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Tried a bit of drum Micing last night. One mic pointing at snare just next to the tom. Maybe 6 inches from the snare. This one sounded good.
Another mic on the opposite side of the toms under the cymbal, trying to find a dead zone. This wasn't so great.

Could I/should I try putting an overhead above the right cymbal about 6 feet up (can't go any higher without using the furniture) and pointing at the toms?
Should I add another at the far side above the other cymbal also pointing at the toms, and if I do will I need to pay attention to the phase issues on the snare?

If I matters, the drummer will hopefully have cans on and the acoustics are provided by a wall behind the kit, about a foot thick and made of stone. This maybe changes the OHs sound a bit?

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TheFraz Wed, 03/05/2008 - 05:47

Mic the snare, mic the kic, then throw up two overheads abound a foot or two feet above the kit, over the symbols (well your placement is up to you)

keep it simple. Remember, your over heads are the spot light of the drum kit. they will pick up the snare, the toms, the cymbals, and even the kick.

Why put the mics 6 feet above the kit? this is only going to create a flam between the snare and kick with the over heads.

BobRogers Wed, 03/05/2008 - 09:47

TheFraz wrote: ....Why put the mics 6 feet above the kit? this is only going to create a flam between the snare and kick with the over heads.

Gotta have awfully fast hands for that flam. Sound will take .0053 seconds to go 6 ft.

Oh, and I agree that you should check out the recorderman technique on that clip. Also do a search of this forum for more details. The important issue isn't a noticeable delay - it's a phase shift. The recorderman technique helps with that.

AnomalyAlecB Wed, 03/05/2008 - 11:02

Overheads should usually be condensers.

The PG58 will do "ok" for the instrument mics. You can fool around with where on the set they sound best. I'd say they can get the job done. Focus on bass and snare, then overheads, then toms. Overheads are going to be very iffy with dynamic mics. You may want to just use them as more instrument mics.

Just keep trying new set-ups.

Codemonkey Wed, 03/05/2008 - 11:54

To specify: it's being played upon the chancel within the sanctuary of Knightswood Congregational Church, 12 Dunterlie Avenue, Knightswood, Glasgow, Scotland, UK.
Well, you asked.

Acoustic treatment: band members who stand about doing nothing but absorbing sound waves.
I have a choice of moving the drums in front of a single roof-height (~6m) curtain or leaving them next to a stone wall (reverb?).

And don't fret about not thinking things through. I made a recording of a choir a few weeks ago, using some lousy placement. Why? The choir turned up at, oh, quarter to 7? Gig at 7. Doors open half 6. No information, no anything. Just luck and a bit of help from moonbaby.

TheArchitect Wed, 03/05/2008 - 17:23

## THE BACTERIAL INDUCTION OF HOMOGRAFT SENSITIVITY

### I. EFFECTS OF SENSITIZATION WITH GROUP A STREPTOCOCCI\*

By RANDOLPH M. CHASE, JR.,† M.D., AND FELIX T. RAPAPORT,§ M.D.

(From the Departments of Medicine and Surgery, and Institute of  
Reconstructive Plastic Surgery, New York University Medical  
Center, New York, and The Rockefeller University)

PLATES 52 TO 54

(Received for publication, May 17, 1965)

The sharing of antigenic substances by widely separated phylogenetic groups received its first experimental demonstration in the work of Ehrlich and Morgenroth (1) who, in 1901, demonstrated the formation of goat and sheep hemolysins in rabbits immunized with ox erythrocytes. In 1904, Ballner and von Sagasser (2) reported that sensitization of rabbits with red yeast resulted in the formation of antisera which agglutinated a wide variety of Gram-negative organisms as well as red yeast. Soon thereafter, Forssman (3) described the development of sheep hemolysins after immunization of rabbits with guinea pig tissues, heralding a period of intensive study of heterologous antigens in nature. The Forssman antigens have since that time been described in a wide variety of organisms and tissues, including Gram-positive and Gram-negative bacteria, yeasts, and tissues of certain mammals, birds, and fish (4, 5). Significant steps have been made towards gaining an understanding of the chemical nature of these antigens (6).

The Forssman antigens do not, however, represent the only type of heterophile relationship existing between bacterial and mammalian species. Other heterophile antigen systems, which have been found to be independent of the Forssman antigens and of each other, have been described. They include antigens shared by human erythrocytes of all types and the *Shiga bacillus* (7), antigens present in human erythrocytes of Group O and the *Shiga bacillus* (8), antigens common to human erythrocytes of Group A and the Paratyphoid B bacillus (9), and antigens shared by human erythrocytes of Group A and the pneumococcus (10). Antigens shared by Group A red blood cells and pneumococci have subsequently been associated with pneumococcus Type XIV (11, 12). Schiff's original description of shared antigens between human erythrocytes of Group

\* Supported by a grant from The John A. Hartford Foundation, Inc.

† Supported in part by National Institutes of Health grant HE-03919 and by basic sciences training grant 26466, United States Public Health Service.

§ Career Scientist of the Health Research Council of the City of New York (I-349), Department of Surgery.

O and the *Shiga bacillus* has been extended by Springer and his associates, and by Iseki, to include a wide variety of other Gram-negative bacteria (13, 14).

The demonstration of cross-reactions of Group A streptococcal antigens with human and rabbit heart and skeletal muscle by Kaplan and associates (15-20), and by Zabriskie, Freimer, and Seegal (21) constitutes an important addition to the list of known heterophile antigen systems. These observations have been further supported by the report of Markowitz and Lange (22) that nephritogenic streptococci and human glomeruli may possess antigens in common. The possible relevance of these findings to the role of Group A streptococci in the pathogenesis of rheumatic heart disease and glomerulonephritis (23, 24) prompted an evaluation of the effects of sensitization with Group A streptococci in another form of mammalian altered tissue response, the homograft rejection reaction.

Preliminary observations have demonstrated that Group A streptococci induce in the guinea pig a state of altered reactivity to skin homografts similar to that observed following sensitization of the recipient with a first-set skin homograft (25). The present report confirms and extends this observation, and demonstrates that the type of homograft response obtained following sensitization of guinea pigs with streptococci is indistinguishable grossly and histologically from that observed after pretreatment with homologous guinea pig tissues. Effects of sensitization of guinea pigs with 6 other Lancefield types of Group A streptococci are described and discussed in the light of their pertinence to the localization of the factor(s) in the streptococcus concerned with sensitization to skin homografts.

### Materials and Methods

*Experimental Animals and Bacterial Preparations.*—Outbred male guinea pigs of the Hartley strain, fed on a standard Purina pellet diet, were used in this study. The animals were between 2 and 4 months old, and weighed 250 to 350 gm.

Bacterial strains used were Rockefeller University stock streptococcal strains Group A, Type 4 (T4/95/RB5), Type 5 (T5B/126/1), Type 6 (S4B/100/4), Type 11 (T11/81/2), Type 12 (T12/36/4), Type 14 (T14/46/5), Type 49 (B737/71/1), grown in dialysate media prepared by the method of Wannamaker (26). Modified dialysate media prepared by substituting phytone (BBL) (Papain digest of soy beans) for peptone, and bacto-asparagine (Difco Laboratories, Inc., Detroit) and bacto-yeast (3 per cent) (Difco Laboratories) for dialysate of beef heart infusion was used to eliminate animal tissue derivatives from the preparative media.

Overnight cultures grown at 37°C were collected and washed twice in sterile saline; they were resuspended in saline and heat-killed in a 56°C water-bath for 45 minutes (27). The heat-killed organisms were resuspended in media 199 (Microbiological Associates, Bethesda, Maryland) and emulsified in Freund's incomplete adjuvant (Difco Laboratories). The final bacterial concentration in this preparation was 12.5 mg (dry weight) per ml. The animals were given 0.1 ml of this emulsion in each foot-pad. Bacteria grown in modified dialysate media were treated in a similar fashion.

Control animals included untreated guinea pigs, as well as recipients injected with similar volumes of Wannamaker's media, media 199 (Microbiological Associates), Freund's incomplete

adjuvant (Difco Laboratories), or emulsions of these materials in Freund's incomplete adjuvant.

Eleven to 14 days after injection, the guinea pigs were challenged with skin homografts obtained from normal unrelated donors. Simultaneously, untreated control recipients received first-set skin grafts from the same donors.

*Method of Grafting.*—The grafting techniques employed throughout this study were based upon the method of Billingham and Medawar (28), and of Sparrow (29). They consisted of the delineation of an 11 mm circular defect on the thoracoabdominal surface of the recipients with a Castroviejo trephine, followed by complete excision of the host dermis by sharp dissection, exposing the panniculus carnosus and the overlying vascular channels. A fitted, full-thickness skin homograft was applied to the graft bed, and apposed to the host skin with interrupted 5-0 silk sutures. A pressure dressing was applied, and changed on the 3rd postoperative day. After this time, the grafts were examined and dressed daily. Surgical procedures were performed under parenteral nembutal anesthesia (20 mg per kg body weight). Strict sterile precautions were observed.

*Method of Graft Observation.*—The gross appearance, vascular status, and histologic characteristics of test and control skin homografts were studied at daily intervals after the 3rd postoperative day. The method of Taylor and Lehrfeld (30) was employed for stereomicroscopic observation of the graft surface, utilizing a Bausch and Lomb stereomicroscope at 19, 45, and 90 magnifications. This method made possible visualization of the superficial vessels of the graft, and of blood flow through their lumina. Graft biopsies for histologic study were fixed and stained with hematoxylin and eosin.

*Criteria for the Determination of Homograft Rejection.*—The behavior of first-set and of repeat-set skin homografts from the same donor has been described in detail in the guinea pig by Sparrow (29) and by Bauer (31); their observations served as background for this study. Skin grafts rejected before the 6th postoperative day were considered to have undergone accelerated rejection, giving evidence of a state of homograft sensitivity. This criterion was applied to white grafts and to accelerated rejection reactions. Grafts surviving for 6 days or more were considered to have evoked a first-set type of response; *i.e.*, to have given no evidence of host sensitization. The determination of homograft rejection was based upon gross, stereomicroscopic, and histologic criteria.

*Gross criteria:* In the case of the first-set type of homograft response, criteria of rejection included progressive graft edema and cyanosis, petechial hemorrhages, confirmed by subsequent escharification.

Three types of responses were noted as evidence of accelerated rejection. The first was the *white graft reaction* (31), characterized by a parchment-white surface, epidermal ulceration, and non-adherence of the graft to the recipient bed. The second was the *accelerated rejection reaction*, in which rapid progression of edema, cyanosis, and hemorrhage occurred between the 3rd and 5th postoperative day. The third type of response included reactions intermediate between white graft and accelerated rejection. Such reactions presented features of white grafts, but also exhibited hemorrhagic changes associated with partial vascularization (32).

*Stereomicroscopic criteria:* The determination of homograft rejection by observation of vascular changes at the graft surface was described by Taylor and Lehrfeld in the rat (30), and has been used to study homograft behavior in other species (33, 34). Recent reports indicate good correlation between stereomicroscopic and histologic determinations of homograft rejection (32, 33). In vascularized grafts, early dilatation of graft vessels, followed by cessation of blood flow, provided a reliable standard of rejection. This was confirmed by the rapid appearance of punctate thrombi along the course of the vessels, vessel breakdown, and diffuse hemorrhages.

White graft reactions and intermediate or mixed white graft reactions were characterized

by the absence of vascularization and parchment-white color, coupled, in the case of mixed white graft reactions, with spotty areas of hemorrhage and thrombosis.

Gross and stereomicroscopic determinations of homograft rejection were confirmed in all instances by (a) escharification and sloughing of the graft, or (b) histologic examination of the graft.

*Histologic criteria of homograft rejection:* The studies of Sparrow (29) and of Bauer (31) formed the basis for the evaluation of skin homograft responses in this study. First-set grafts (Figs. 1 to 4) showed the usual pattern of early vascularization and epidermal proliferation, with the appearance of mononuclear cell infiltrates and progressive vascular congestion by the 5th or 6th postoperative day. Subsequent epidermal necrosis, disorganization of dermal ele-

Look into the Glyn Johns technique. Essentially you put 1 LD Condensor mic 3-4 ft directly above the snare, just high enough to be out of the drummers way. A second LD condenser mic to the right side about 6" above the floor tome facing the high hat. These 2 mics should be the same distance from the snare. The 3rd mic is for the kick.

I prefer to add a 4th mic under the snare to add a little snap. The condensers are panned L-R to taste and the kick/snare are put right up the middle.

Codemonkey Wed, 03/05/2008 - 17:41

I wouldn't mind a mic under the snare. With a lack of input channels and I don't want to have to mix before recording, probably not a great idea (unless I sacrifice the kick and *gulp* sample it). Although, if I borrow someone's laptop and stick Kristal on it for an afternoon...
Unfortunately, I have 0 condensers, and will probably not touch a condenser in the next decade.

Could always try that with dynamics, and I like the idea of snare centred...

Cucco Wed, 03/05/2008 - 17:52

Here's my beef with using an under-snare mic for live work -

In my experience, this mic needs to be gated. Any resonance from instruments (particulary in the 300-600 Hz octave) will set the snares in motion and it will show up on your mix like mad.

Unless you can seriously work with placement and acoustic issues, this will be a problem.

Codemonkey Wed, 03/05/2008 - 18:06

One reason not to mix pre-recording...As if I need any. I can do without, I prefer non-ringy snares personally, but who knows what the drummer's preference is.

I reckon 2 OH's in some positioning, one on snare, and the kick I'll maybe stick a few feet away and low down, see what happens. I can always move it.

How does the snare mic being 2-3" above the rim of the snare and about 6" away sound?
I would stick the cans on one time and find out but that means micing the whole kit to try and find any phase issues, which won't go down well with the rest of the band. Maybe I can keep them busy with some extremely loudly played recordings of previous performances...

Cucco Thu, 03/06/2008 - 04:51

Two comments Bent -

1 - It's shows like this and girls like this that's one of the big reasons I like being a pit musician... :twisted:

2 - I didn't hear much in the heavy 300-600Hz range that would excite the snares (such as heavy guitar, lots of male voices or my pet peeve - French horn...)

Nice gig though!

Codemonkey Thu, 03/06/2008 - 08:13

Hell, our drummer has a cowbell. The open end points directly across the floor tom. I take it I shouldn't put any mic on the floor tom pointing at the bell, not that it's used much except in lieu of a high note during the chorus. Oh, and he taps the wingnut on the cymbal a few times as well. More 'high notes'.

OHs should pick that up OK I guess?
If it doesn't then I can always borrow someone's laptop for a while and use more mics. That means hijacking the inserts though...hmm...